I get hay fever every spring and always suspected I was allergic to grass pollen, but it turns out I am severely allergic to grass pollen. The doctor was surprised I'd never sought allergy treatments in the past. She said people with allergies occasionally experience a tipping point when they contract a cold or the flu during allergy season. Productive coughing creates an environment in which allergens are held in the mucus lining the bronchial tubes, exacerbating the inflammation and causing more mucus buildup, which in turn bolsters the virus. Left untreated, the infection pushes deeper into the airways, leading to prolonged inflammation and higher sensitivity to allergens.
"It could take months to clear up," the doctor said, and cheerfully added, "which may be why you're feeling so much better now."
I am feeling so much better now. Grass pollen season is finally over. But a grass allergy could explain why I became so sick during the Tour Divide. Pollen counts were already high when I set out to ride my bicycle across the Rockies in mid-June. I developed some type of upper respiratory infection that caused a sore throat and coughing on the first day of the trip. Then I continued to stay outside all day, every day, breathing in large quantities of pollen and coughing up a lot of crud. At the time I became convinced that the air was "toxic," but of course pushed that notion aside because it was mostly absurd. Now I don't think that inclination was entirely off base. The grass allergy would explain why I felt a little better after spending a night indoors, and why I struggled so much more with my breathing in high winds and heat. It wasn't the dust, which is what I assumed I was choking on. It was pollen.
A grass allergy would also explain a little more about my general health since I moved to California ... why I always feel lousy in April and May (my annual "spring slump" after "too much fun" during March travels in Alaska), why I often continue to struggle on a lesser scale through the summer (I tended to blame high temperatures and a touch of burnout) and why I'm suddenly so much more peppy in the fall (I credited excitement about upcoming Alaska adventures and a slight reduction of heat.) Maybe having an immune system set to overdrive for half of the year isn't so good for energy levels.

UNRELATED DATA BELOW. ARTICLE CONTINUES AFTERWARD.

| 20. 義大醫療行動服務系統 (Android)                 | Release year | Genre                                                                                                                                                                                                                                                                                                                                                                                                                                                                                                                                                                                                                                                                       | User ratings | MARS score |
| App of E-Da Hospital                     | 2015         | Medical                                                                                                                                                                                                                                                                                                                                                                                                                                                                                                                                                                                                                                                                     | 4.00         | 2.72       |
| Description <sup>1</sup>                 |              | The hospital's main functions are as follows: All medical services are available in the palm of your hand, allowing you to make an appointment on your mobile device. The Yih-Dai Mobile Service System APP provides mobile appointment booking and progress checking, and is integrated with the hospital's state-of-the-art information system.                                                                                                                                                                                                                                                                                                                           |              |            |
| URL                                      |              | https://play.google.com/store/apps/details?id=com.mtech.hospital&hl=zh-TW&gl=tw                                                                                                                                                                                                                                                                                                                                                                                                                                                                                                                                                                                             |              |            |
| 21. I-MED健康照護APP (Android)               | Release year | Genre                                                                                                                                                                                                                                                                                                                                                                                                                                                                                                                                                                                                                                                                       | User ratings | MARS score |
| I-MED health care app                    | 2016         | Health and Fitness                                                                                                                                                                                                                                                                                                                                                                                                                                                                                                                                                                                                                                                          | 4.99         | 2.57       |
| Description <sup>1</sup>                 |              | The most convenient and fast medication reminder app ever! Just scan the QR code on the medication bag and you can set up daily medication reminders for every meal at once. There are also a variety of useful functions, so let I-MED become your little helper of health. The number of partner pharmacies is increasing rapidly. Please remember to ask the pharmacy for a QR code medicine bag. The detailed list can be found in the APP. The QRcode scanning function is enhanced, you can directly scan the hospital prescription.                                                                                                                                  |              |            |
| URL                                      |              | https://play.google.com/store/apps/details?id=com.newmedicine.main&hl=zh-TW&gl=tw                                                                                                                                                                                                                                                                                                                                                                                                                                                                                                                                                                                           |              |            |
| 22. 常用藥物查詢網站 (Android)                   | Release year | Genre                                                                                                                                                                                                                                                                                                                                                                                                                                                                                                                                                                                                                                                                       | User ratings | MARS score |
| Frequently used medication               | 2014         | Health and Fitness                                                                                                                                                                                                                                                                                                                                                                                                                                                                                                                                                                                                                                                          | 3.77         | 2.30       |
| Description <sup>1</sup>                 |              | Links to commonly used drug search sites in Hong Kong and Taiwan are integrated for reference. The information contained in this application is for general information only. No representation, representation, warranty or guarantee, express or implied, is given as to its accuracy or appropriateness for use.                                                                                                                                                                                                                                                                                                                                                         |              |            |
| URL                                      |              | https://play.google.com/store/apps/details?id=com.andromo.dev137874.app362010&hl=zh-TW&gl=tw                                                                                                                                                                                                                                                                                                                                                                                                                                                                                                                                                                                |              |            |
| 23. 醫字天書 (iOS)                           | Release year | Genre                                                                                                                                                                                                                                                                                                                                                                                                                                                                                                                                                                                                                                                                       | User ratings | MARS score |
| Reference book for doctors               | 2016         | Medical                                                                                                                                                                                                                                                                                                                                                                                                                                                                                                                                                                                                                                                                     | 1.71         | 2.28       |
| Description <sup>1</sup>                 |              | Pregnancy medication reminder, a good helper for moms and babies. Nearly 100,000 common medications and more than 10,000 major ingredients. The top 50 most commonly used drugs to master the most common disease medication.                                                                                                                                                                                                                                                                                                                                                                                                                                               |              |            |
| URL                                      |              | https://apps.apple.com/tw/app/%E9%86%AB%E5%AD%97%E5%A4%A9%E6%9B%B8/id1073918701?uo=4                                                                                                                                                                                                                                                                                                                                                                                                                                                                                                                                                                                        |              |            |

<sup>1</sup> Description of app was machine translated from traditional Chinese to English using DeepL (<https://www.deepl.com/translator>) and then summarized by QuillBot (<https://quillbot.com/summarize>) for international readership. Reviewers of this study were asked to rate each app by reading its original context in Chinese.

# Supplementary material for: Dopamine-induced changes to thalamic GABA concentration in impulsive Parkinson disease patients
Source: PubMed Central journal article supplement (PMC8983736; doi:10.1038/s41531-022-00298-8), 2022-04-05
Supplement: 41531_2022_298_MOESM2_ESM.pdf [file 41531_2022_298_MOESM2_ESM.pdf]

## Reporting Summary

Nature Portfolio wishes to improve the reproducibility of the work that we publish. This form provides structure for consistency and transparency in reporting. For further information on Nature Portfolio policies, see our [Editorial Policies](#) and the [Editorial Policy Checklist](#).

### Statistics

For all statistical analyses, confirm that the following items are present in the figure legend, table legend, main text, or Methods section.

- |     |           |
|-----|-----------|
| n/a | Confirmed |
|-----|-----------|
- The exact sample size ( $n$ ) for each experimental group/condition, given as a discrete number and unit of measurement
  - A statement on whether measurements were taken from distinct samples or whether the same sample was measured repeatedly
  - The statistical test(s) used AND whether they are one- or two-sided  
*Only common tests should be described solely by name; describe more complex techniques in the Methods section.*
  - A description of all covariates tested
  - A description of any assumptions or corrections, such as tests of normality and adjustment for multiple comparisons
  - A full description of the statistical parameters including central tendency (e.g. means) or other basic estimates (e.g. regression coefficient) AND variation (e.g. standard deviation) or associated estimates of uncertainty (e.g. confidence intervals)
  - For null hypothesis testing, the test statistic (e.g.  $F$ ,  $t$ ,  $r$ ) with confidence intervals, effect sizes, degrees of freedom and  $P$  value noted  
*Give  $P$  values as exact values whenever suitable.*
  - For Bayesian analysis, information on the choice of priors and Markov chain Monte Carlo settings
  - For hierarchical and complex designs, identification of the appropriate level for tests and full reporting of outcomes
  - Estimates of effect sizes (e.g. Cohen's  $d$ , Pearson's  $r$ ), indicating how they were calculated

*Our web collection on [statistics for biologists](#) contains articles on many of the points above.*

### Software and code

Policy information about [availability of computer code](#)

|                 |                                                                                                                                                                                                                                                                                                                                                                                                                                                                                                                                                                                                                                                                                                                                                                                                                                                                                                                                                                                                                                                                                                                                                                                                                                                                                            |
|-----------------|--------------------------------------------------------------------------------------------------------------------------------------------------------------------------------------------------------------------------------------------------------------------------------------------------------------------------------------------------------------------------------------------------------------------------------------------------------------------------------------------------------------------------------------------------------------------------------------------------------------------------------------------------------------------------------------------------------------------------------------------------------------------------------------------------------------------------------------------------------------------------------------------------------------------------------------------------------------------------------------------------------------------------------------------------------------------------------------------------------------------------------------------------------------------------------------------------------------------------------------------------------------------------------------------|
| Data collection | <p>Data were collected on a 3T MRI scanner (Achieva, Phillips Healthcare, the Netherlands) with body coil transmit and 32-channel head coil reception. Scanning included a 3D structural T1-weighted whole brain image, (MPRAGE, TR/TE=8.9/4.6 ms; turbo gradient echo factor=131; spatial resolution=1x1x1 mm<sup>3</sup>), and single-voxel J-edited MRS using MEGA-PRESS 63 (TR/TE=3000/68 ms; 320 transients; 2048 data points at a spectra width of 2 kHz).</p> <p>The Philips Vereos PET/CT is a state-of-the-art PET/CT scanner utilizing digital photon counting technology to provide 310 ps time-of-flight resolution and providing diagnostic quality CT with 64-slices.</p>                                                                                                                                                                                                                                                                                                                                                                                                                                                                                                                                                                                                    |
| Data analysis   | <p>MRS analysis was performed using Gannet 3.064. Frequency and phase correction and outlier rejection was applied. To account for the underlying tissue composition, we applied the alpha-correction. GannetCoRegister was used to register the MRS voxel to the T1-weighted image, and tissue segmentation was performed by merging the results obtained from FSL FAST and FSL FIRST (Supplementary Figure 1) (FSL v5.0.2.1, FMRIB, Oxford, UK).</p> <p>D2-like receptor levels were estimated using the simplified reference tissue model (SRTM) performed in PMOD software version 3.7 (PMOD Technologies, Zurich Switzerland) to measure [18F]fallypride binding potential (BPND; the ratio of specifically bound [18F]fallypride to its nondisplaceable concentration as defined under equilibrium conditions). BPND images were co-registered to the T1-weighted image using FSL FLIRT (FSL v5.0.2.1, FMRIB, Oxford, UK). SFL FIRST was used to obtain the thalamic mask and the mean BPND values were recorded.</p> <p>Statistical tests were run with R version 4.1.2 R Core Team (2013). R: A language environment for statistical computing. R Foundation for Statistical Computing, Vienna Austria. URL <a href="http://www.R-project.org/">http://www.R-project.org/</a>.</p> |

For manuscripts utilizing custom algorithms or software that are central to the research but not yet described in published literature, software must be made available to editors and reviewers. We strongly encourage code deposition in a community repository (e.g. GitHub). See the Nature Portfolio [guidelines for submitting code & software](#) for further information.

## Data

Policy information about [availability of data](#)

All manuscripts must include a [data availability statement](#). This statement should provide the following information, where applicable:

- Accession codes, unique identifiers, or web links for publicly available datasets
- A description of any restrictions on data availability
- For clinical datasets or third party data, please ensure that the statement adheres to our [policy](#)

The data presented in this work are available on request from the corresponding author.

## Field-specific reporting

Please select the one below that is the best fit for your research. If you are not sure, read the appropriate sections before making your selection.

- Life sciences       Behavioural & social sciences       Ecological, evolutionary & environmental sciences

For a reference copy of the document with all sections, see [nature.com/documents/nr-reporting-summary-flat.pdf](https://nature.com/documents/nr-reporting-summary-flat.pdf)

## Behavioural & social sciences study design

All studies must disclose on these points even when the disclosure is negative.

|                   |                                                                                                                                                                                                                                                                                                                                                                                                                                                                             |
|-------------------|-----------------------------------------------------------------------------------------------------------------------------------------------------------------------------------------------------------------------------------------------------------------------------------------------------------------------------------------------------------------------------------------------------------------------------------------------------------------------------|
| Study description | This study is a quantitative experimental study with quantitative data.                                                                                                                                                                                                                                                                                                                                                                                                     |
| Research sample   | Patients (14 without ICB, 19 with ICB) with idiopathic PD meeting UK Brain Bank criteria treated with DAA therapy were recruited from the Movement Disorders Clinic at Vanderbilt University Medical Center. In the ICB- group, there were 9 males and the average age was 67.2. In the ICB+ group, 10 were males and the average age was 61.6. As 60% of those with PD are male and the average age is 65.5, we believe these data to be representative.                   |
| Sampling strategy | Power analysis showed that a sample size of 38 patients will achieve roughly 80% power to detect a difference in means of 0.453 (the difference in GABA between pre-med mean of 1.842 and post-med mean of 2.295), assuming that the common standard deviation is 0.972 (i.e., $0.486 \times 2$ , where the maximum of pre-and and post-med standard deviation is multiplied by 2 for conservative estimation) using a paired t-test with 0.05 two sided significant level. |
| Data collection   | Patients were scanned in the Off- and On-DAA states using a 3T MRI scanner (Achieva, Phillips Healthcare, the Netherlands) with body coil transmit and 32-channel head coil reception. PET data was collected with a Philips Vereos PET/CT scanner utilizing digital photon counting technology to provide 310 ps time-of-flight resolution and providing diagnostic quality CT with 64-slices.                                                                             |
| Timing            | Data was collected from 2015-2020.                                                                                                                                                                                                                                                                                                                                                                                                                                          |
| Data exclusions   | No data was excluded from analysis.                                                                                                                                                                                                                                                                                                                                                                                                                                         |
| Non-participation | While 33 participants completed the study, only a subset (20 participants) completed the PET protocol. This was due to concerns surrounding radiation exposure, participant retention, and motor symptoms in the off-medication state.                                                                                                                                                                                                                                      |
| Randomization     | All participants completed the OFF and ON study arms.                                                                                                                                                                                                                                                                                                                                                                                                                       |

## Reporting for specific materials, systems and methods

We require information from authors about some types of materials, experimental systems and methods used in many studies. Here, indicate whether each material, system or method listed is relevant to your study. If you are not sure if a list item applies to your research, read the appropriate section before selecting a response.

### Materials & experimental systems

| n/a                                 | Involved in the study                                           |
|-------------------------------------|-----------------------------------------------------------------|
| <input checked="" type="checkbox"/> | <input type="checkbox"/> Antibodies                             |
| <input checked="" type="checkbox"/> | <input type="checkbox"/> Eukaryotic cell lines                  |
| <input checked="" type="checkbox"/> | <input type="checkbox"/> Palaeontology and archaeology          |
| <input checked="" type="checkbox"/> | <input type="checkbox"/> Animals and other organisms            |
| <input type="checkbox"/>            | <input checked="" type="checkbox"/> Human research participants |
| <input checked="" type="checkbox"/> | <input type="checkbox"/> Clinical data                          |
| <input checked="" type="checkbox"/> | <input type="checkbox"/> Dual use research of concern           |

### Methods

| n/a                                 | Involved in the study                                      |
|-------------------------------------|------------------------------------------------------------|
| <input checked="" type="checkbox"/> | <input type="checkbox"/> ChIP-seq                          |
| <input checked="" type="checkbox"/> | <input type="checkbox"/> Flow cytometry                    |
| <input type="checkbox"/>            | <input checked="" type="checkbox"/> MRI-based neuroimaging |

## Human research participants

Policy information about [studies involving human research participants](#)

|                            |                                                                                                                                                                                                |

The allergist recommended I see her again next April to assess my symptoms and decide how to proceed. In general, allergies just blow. Immunotherapy can take years to become effective, over-the-counter meds can be hit-or-miss, steroid inhalers and other asthma treatments are medicine for the rest of your life. The general advice is to avoid going outside during allergy season.
Or, you know, move to Alaska. Ha.
During this visit I also learned the terrible, terrible news that I'm allergic to cats. Not dogs, not horses, not mice. Just cats. I actually scored in the moderate to severe category for this allergy. This may explain all the seemingly random skin rashes that have cropped up over the years. Because of all of our traveling that was becoming increasingly difficult for my 12-year-old cat Cady, Beat and I recently sent her to live with her long-time cat sitter, who loves Cady and needed a companion for a difficult time she's going through. I've been struggling with this decision, but I suppose the move was a good thing for me as well. Still, I'm a hopeless cat person and I don't plan to never have a pet again. I'll live with the eczema if I must.
But for now, I can de-cat my house and rejoice that long-suffering summer is over. Soon it will be my season. Superwoman season. Winter. Bring it on.